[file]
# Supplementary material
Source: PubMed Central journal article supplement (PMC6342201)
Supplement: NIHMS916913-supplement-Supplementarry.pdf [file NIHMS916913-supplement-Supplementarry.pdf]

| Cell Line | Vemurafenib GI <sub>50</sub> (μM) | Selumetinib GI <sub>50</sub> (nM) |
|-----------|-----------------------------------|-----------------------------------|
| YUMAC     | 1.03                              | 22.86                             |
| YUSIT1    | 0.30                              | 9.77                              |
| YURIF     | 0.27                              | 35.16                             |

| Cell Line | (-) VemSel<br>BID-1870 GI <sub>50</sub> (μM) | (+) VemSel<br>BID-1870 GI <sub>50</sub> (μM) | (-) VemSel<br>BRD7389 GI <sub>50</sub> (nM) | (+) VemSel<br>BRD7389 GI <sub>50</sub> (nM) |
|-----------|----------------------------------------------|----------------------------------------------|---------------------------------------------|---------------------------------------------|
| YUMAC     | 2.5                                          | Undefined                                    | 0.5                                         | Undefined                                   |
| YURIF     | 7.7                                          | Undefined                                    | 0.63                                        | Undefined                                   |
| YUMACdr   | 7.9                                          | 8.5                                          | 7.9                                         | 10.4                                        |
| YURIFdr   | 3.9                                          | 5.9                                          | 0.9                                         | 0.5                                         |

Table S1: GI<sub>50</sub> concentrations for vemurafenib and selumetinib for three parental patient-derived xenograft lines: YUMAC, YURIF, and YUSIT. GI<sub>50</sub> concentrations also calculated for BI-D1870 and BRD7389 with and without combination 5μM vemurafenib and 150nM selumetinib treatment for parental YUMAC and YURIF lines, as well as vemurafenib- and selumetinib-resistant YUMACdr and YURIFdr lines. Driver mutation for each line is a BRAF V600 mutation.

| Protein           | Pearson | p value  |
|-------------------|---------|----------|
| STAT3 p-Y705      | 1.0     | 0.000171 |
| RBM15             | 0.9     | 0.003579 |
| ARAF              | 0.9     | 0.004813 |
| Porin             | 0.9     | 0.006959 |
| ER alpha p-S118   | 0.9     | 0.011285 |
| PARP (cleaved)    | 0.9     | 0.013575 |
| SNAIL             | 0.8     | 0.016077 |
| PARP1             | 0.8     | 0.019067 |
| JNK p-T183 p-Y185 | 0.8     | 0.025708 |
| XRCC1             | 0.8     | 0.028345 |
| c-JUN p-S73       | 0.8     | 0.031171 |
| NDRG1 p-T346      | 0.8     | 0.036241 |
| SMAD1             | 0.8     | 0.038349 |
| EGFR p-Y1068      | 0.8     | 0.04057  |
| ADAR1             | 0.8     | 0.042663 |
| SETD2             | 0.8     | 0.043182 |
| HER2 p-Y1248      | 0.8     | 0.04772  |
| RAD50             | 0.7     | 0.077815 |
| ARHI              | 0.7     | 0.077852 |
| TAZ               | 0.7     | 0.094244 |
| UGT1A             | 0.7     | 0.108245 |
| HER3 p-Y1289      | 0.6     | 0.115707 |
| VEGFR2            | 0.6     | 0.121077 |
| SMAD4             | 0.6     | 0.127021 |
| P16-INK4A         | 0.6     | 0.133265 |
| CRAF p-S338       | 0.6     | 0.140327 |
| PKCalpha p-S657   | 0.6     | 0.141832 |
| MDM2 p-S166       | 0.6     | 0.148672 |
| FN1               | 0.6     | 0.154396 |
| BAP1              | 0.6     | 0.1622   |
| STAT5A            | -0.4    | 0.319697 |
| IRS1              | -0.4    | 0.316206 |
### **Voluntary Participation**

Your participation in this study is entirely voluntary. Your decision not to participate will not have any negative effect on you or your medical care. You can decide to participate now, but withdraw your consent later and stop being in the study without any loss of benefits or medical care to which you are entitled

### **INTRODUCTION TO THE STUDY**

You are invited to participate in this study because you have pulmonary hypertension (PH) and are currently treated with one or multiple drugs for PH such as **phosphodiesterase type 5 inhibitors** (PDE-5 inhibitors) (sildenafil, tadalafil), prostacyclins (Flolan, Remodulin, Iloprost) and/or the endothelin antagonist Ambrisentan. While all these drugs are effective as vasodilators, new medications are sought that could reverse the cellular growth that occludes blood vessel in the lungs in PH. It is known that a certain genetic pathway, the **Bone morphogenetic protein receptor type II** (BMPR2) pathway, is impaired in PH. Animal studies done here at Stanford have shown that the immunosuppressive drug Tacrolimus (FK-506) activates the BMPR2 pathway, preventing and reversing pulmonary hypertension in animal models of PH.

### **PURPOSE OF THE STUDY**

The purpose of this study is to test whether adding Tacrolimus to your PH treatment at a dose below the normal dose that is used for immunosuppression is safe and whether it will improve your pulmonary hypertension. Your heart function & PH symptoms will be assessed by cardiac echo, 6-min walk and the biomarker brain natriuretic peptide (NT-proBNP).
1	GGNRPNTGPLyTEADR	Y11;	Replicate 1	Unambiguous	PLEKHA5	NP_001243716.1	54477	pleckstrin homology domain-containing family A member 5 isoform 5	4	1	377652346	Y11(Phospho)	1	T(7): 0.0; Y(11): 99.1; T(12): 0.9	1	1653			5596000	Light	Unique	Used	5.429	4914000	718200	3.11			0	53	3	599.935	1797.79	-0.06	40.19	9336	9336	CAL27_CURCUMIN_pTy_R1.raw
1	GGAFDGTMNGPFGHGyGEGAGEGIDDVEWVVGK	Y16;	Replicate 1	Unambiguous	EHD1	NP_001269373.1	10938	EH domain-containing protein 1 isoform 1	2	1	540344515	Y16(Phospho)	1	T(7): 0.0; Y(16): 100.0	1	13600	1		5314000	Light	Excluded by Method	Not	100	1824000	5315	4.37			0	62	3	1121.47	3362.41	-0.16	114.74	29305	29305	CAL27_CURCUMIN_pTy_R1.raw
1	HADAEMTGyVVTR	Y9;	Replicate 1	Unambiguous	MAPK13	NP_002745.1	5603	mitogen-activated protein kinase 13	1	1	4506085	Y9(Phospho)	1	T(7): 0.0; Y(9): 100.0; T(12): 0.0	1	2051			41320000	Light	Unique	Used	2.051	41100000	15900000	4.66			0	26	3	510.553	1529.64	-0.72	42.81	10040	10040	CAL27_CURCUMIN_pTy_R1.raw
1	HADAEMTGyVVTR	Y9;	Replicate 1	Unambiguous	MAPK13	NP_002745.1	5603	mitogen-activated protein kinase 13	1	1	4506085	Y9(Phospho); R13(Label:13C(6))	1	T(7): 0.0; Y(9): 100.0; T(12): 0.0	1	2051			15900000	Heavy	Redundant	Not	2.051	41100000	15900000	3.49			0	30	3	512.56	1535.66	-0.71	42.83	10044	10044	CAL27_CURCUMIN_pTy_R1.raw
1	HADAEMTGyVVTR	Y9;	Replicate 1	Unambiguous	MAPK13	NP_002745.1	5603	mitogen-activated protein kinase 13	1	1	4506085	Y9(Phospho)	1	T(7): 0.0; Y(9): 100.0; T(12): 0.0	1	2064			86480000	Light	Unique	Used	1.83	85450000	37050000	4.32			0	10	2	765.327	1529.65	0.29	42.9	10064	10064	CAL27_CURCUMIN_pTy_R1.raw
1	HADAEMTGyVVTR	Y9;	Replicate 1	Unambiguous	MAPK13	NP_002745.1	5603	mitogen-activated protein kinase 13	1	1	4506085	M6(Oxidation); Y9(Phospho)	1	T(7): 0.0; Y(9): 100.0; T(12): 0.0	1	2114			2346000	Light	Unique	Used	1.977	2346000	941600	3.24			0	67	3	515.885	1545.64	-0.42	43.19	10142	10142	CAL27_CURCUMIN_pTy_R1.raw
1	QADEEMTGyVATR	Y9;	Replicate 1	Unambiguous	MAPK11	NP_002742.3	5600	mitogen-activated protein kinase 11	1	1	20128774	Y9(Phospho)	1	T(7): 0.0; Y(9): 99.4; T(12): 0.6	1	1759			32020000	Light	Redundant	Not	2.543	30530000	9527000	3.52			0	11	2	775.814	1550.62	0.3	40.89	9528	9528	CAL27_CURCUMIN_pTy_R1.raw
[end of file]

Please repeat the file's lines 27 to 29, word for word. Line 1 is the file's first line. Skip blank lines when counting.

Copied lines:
| XRCC1             | 0.8     | 0.028345 |
| c-JUN p-S73       | 0.8     | 0.031171 |
| NDRG1 p-T346      | 0.8     | 0.036241 |